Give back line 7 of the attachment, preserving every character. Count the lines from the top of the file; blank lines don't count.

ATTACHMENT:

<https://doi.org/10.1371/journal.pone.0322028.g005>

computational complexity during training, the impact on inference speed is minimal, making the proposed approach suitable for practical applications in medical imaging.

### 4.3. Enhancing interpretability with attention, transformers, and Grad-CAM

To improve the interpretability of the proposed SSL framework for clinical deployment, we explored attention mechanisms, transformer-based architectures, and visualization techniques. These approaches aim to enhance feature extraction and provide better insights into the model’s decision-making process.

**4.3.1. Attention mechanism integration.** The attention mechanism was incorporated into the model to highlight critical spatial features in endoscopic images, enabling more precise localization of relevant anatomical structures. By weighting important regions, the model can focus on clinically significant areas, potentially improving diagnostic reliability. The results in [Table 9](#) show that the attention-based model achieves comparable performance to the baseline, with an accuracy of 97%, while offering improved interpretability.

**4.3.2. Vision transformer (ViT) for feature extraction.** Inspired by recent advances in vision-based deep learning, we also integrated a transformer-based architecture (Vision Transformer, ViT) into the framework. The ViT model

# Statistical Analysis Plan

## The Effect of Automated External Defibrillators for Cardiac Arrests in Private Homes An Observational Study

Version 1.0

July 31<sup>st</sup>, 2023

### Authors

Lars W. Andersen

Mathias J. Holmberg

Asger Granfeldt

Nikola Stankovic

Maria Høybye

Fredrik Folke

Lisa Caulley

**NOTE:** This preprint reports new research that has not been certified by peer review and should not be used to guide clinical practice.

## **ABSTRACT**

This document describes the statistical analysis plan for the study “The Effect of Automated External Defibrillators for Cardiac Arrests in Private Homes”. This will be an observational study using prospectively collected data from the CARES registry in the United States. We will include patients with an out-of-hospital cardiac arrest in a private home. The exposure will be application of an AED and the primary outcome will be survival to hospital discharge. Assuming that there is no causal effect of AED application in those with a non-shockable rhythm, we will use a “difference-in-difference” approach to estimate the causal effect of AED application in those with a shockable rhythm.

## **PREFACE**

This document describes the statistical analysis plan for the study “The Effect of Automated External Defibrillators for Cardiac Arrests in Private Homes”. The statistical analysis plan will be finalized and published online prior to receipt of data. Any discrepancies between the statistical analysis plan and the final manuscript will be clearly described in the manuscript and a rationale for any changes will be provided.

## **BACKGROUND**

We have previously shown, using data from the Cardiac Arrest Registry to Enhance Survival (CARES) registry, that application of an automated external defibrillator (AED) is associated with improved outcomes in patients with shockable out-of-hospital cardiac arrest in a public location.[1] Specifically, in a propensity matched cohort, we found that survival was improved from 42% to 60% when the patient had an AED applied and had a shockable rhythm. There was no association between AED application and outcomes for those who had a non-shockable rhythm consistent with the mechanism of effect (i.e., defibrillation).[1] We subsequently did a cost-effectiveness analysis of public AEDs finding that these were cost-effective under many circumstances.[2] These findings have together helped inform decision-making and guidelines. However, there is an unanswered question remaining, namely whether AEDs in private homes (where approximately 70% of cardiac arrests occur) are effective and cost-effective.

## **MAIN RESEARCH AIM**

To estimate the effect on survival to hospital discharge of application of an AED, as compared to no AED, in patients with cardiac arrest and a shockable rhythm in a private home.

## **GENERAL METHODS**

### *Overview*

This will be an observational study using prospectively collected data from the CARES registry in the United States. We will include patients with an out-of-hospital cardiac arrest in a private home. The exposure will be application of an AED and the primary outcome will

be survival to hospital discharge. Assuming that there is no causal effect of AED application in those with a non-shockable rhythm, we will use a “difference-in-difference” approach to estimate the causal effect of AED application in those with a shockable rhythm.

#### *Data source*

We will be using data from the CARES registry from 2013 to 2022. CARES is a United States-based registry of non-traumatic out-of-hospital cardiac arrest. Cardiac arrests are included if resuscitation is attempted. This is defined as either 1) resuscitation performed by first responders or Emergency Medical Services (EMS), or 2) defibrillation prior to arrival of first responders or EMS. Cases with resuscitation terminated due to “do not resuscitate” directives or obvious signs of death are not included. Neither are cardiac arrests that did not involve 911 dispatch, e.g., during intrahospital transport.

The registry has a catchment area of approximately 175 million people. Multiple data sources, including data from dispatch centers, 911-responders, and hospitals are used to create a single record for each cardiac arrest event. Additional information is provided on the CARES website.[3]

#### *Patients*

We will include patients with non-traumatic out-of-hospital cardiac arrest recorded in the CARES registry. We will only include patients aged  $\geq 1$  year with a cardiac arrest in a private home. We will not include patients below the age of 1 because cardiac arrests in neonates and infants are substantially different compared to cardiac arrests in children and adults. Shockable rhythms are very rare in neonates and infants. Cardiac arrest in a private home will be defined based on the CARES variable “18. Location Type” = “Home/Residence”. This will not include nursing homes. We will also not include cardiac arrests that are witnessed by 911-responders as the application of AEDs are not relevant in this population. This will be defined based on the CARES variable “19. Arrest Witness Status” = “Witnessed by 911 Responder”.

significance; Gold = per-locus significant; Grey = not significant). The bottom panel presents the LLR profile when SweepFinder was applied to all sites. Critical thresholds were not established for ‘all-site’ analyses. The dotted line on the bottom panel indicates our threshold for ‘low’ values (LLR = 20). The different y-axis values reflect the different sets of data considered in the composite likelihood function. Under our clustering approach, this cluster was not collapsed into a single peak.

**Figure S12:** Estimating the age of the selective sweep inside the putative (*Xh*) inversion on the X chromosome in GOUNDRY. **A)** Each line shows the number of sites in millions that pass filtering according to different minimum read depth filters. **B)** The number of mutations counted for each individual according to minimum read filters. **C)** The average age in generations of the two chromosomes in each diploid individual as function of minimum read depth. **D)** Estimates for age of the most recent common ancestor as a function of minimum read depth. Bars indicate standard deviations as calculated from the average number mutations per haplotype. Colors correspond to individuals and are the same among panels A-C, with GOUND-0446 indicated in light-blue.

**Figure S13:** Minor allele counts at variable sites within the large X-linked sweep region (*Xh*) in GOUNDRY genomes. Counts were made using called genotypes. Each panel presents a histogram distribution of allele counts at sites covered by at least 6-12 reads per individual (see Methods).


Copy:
# Statistical Analysis Plan